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By Ericmetro (Own work) [CC-BY-SA-3.0 (], via Wikimedia Commons

May 9, 2014

Loyalty, Deception, and “The Americans”

Phillip and Elizabeth Jennings are your typical suburban couple: they have two teenage children, Paige and Henry, they run a small travel agency together, they show up with brownies when their new neighbors, the Beemans, move in across the street. As it happens, Stan Beeman is an FBI counterintelligence agent, and this is of some concern to the Jenningses who are, in fact, Soviet agents living deep under cover in 1980s Virginia. That is how The Americans, a spy drama on the FX channel, begins. Now in its second, brilliant season, The Americans has taken the Jenningses (played by Keri Russell and Matthew Rhys) on some hair-raising missions and shown them grappling with the immense pressures of life as both covert intelligence agents and the parents of teenage American children. Parallel to their story, the viewers have also gotten to know Stan (Noah Emmerich), the FBI agent next door, who is possibly closing in on our (anti)heroes while engaging in questionable behavior of his own.

One of the motifs running through the series is the different personae that the Jenningses inhabit (and most other characters, really, but the Jenningses dramatize this most clearly). They are never truly out of character; indeed, they are in character while making toast in the morning, their real, Russian names, never spoken (except in a couple of flashback sequences in the first season), and we see them in various disguises, wearing a variety of wigs and costumes on their missions. With rare exceptions (such as when Elizabeth tells Phillip to “come home” – in Russian – or in intimate moments between the two of them) they are always mid-lie. Yet even more striking than the fact that they live a life of lies are the many scenes throughout the current season in which it’s not immediately clear (to the viewers) if what we are seeing is an honest and spontaneous emotional reaction or another put-on. Thus, Elizabeth abruptly breaking off an encounter with a potential mark on grounds of emotional fragility feels potentially honest, but turns out to be part of her plan to ensnare the young man. And the reason that we believe it to be honest is that we know that she is indeed more emotionally fragile than she would like to be.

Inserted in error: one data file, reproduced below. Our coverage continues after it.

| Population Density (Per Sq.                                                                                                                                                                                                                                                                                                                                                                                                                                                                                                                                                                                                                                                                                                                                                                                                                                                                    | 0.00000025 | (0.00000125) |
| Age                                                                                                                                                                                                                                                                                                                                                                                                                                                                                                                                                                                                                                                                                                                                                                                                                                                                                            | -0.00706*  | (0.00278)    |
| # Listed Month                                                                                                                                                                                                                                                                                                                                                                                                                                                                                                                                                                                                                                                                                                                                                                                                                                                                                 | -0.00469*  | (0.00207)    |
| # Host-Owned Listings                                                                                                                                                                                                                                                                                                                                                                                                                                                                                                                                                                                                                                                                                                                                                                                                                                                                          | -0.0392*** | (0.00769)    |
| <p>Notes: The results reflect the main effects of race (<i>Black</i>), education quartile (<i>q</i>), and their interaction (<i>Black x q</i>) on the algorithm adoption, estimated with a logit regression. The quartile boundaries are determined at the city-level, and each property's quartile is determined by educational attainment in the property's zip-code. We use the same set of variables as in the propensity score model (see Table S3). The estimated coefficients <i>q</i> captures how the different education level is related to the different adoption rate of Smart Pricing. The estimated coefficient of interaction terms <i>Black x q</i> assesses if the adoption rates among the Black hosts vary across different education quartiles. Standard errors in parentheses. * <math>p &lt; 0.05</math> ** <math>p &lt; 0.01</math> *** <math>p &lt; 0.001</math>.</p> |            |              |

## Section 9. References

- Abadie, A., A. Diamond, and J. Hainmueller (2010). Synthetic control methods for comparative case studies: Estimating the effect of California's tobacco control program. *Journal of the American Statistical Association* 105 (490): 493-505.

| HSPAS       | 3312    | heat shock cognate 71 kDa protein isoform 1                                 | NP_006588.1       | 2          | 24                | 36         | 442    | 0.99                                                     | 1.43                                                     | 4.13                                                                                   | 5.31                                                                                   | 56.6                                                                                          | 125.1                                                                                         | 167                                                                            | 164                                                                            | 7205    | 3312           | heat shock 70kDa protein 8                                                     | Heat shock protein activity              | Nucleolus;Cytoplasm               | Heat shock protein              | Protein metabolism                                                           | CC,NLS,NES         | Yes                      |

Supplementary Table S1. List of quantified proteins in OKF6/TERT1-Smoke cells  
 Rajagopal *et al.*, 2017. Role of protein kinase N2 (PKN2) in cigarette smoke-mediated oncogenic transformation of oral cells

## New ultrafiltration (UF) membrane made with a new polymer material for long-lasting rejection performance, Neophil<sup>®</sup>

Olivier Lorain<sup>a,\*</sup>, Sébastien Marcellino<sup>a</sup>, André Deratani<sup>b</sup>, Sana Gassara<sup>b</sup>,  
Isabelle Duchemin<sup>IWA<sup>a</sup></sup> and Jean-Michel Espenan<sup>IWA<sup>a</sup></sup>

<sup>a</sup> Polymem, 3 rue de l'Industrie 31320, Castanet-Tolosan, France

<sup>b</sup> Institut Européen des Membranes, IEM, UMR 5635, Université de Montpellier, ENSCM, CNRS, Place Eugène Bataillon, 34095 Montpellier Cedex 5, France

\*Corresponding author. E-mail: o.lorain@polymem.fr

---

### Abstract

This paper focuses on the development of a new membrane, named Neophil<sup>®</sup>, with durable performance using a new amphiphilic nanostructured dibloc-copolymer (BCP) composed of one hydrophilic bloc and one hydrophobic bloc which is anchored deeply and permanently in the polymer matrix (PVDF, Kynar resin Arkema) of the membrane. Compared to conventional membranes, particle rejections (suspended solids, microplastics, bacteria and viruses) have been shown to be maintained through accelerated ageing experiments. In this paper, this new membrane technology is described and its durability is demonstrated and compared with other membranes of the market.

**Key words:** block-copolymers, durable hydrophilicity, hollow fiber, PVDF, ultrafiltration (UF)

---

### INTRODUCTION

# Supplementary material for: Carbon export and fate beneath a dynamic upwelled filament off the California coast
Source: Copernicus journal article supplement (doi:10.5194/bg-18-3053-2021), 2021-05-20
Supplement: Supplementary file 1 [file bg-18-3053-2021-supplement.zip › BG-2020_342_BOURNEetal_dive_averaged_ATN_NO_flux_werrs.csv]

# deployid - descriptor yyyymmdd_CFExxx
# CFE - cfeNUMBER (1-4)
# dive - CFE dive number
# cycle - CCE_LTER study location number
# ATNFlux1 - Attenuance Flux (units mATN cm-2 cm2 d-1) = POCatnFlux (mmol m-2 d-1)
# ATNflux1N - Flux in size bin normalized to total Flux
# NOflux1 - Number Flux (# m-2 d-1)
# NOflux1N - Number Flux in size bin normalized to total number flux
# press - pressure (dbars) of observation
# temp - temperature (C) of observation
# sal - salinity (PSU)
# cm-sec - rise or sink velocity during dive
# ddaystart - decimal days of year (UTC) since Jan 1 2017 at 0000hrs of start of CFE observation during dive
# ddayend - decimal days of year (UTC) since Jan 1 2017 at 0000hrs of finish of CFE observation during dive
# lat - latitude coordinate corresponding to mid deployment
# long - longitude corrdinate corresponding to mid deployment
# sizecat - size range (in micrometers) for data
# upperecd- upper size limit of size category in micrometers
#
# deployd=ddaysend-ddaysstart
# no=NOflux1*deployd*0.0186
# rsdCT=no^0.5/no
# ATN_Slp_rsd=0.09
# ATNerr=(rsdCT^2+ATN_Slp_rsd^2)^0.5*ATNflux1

In large part the tension in the show is the result of competing loyalties. Phillip and Elizabeth are working for their country, they are loyal Soviet citizens (Phillip has some doubts here and there, while Elizabeth is more of a true believer, but they do tend to believe in the rightness of their cause). Yet they know that every day they put their own children at risk, a fact brought brutally home at the beginning of the second season. Thus their loyalty to the cause and the homeland is always in conflict with their loyalty to their family, a tension that often leads them into even more danger. Stan Beeman, too, is caught between his loyalty to his country and his love for his source, Nina, a relationship that in itself constitutes both a breach of protocol and a breaking of his marital vows. And in the process of staying loyal to their country and/or each-other, Phillip and Elizabeth have killed innocent bystanders and engaged in complicatedly deceptive relationships that sure will lead, sooner or later, to the destruction of other lives (Martha!). “Let me assure you, agent Beeman, I would never betray my country,” says Fred (whom we already know to be a Soviet spy). “No one ever imagines they will,” replies Stan, who knows something about betrayal.

But the original sleight of hand is perpetrated by the series itself, which shows us the world primarily through the eyes of Soviet spies, presenting them in, if not a sympathetic, then a complicated light which allows us to feel for them and to be concerned for their safety. In the end, this is made possible by the fact that we know how the Cold War ended; we know that Phillip and Elizabeth lost, and the USSR is no more, and it is therefore possible, in the safety of historical distance, to root for the enemy. If espionage is your thing, you could do a lot worse than this dark, complex, beautifully acted, and intensely suspenseful series.

(Fun fact: books on the shelf in a spy’s home include novels by John LeCarré and the collected “Sherlock Holmes”)

(Image By Ericmetro (Own work) [CC-BY-SA-3.0 (], via Wikimedia Commons)



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